My husband and I, both 70, got married two years ago after living together for 20 years. When we shared our plans with his adult children, then 25 and 28, they were angry. His son demanded my husband’s will, which my husband showed him. In it he leaves all his estate to me, just as I leave mine to him. His son had hoped to inherit my husband’s loft in New York and pay me an allowance. In the end, the loft will go to his two children, and our upstate estate will go to them and my daughter. Yet his children angrily accused him of not putting family first. It has now been two years since they spoke to their father. In their last conversation, my husband said he loved them and was always there to talk. Should he contact them, or is it up to them to apologize? Should we also tell them that we have decided to sell the loft?
You probably don’t need me to tell you that your husband’s children behaved horribly — both by counting their father’s money as if it were their own, and by disrespecting your two-decade relationship. Still, I’m not scared of this story. Inheritance often brings out the worst in people.
I don’t say this to excuse his kids, but I also remember being in my mid-twenties: It can be daunting being a young adult without much of a financial outlook and with everything costing a fortune. So I sympathize (a little) with their grab for a loft they’ve long expected to inherit. I am also surprised that your husband has allowed two years to pass without contacting his children. They’re still his kids – bad behavior and all.
If I were your husband and wanted to reconcile, I’d call them to reestablish contact. Be the adult! They may be ashamed of their bad behavior or entrenched in their greed – or somewhere in between. If the calls go pretty well, he can invite them to dinner and start building his relationship with them. Pro tip: Leave the hutch alone for now. It’s already been the source of enough drama.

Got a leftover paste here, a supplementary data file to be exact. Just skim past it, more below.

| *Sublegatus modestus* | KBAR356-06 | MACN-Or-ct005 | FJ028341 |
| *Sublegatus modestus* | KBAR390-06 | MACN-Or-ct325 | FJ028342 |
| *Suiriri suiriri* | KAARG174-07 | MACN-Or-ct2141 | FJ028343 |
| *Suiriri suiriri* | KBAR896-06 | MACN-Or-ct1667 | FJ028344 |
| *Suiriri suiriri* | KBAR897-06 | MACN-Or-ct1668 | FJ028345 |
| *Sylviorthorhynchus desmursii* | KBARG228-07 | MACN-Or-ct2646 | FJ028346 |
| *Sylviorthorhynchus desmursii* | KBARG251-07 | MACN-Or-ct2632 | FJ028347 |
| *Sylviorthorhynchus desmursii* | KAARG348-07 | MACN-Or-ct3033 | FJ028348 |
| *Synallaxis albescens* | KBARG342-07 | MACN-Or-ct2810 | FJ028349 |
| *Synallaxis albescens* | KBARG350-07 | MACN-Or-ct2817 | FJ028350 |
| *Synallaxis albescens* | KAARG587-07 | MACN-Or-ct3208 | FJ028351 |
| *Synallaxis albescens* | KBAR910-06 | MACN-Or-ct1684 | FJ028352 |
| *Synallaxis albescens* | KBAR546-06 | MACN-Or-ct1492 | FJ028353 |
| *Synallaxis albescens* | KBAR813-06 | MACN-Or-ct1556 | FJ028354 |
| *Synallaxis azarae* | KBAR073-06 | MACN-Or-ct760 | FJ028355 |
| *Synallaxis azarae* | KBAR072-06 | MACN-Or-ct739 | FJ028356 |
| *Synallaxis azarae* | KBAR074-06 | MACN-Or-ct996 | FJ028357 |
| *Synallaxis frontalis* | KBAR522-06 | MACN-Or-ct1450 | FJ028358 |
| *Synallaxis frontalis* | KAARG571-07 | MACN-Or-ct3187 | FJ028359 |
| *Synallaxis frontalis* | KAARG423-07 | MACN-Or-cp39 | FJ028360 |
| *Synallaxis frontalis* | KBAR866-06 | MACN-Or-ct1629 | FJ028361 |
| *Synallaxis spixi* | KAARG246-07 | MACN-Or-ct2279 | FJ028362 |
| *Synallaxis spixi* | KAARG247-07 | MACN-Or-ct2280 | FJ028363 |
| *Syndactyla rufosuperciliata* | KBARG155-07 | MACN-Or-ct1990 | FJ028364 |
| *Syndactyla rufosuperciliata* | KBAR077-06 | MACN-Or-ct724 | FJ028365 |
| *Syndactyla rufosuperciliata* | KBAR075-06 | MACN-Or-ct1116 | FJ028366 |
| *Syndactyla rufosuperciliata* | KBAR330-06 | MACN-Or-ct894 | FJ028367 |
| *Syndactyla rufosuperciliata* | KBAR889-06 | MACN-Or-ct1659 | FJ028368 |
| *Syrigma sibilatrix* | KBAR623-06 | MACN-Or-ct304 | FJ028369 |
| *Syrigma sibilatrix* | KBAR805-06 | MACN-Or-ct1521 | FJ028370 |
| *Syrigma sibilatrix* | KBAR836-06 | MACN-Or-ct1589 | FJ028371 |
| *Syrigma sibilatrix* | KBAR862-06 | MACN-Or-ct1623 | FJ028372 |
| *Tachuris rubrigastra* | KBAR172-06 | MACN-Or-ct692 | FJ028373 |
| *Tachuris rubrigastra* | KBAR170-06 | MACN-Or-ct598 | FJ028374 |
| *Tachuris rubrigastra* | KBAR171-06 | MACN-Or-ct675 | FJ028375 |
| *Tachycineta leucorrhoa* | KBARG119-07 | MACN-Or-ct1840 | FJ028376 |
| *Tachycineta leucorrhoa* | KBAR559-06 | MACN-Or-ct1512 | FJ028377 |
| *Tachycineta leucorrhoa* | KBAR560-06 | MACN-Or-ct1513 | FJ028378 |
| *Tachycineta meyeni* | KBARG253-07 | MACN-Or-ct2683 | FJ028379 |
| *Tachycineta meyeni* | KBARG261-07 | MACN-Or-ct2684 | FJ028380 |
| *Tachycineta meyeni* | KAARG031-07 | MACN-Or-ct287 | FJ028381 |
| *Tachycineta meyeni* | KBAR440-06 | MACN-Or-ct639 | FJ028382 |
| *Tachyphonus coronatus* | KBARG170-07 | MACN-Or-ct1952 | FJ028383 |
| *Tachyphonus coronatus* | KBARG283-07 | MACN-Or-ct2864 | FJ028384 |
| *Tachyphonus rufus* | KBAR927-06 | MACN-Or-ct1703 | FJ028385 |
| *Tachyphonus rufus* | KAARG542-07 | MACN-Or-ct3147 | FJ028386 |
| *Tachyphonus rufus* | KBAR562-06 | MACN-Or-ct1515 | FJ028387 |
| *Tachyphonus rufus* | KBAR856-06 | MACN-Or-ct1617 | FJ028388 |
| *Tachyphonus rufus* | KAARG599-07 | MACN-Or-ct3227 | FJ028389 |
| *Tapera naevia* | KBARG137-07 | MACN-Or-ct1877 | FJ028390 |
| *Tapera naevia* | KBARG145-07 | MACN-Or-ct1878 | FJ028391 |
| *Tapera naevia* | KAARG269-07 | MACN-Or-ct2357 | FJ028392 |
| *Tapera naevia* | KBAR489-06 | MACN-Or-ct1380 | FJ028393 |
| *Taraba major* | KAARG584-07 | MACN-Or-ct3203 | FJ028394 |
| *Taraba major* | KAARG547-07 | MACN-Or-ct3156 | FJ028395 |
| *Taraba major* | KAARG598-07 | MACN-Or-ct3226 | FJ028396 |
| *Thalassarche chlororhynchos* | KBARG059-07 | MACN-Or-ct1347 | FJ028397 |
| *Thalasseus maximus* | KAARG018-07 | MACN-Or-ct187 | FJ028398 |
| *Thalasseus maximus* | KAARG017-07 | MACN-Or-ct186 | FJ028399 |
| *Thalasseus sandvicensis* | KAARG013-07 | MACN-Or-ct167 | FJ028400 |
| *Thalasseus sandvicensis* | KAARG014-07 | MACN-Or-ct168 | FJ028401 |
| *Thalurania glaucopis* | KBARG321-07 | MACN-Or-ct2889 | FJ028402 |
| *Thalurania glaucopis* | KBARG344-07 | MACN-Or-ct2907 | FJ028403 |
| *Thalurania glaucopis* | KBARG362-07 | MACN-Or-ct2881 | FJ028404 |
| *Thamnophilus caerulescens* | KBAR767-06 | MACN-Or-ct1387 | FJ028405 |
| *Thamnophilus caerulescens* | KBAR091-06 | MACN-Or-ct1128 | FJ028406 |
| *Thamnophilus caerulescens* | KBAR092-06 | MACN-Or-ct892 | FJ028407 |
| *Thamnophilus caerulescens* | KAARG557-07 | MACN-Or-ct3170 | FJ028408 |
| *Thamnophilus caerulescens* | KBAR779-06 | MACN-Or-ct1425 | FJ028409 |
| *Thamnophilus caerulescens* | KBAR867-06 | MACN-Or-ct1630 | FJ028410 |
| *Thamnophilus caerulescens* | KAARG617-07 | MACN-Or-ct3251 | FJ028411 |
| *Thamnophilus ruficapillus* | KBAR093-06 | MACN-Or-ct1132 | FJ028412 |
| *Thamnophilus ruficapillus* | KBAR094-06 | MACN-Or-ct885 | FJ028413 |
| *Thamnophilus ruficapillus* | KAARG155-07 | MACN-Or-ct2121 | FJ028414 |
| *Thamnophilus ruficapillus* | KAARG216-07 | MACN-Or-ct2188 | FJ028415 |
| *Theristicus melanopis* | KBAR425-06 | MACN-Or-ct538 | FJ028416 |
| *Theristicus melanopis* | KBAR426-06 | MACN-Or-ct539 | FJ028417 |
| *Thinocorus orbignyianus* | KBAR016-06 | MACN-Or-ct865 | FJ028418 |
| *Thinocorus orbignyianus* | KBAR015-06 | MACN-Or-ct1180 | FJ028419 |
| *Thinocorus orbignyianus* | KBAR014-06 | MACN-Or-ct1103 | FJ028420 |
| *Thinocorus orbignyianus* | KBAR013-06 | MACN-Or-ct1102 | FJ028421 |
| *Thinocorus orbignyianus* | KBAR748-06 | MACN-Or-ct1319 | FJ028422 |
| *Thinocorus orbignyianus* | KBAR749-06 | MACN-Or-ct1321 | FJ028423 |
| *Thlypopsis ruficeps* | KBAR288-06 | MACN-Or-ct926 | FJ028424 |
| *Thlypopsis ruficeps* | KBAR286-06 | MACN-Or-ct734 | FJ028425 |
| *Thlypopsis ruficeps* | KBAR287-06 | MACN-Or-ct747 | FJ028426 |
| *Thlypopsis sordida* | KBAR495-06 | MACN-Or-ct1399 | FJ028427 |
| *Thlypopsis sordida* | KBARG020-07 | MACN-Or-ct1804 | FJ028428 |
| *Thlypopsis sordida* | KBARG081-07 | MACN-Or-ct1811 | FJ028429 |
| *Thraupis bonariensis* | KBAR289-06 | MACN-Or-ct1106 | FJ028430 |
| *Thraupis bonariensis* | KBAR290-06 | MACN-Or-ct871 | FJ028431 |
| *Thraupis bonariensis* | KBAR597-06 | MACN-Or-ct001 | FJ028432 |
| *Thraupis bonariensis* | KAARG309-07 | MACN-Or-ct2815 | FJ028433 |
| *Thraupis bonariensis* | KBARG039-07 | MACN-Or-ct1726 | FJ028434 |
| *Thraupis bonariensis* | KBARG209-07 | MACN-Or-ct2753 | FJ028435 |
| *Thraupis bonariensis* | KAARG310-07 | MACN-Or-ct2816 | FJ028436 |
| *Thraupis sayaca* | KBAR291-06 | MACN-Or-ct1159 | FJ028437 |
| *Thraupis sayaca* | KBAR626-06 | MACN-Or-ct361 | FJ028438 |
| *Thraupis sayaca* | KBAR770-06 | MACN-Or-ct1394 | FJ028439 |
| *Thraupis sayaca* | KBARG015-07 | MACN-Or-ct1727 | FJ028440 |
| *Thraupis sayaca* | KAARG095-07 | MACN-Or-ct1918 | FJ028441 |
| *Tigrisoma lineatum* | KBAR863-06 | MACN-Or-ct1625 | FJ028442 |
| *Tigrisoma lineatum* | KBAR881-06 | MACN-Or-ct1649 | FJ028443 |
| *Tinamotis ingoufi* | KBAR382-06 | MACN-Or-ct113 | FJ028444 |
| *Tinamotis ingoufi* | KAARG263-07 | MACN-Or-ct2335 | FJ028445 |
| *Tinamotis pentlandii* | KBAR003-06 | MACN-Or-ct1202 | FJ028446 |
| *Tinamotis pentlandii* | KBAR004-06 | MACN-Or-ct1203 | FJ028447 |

Too cozy for comfort
My boyfriend and I are going on vacation with his parents and brother. His parents pay for the trip. They sent a link to the vacation home and we see that we will be sharing a bedroom with my friend’s brother who has two queen beds. As a 27-year-old woman, I find this prospect uncomfortable. At the same time, I don’t want to complain about a free vacation. Thoughts?
No offense intended, but your question makes me wonder if your friend’s parents invited you to this holiday or if you and your friend just decided it would be fun if you went. Because I agree: the sleeping places seem strange.
On the other hand, his parents did you a favor by sending a link to the house in advance. Find out if there is a (pull out) couch to sleep on. Or buy an inflatable mattress. You are all adults and his parents are generously footing the bill. If you can’t make the vacation home work for you, stay home.
Looking for strings on a stranger’s gift
I have an online friend that I’ve never met in real life. We play Words With Friends and chat online about movies and books. I never revealed my age, address, or relationship status to him. He recently gave me two tickets to a concert by an artist I liked. He has not invited himself as my companion. Still, I told him I wasn’t comfortable accepting his gift, and I questioned his motives. He assured me that he was only acting out of friendship and that I was under no obligation to accept the tickets. Are people really that nice to strangers, or should I trust my gut that this feels far off?
Yes and yes. People are generous to strangers all the time. In fact, the massively low stakes of interactions like yours make it even easier to be nice. What could you fight about in a friendship based on online word games?
I also think you should trust your gut. You have a right to set boundaries, and if accepting this gift makes you uncomfortable or makes you feel guilty – which I get – refuse it. But whatever you decide, acknowledge your friend’s thoughtfulness without slandering his motives.
Sure, he’s cute. But is he to die for?
I’m trying out dating apps for the first time. A majority of the men on the apps in my area have full, generous beards. But I don’t like kissing men with facial hair. When can I ask a man to shave in a new relationship?
I wouldn’t ask a man to shave off his beard until you feel comfortable with him asking you to dye your hair a different color or get a Brazilian wax. It is not wise to enter into relationships with people whose appearance you want to change from the start. If you can’t wait to express your preference until a committed relationship is established, turn your attention to the smaller pool of clean-shaven men.
For help with your predicament, send an inquiry to SocialQ., to Philip Galanes on Facebook or @SocialQPhilip on Twitter.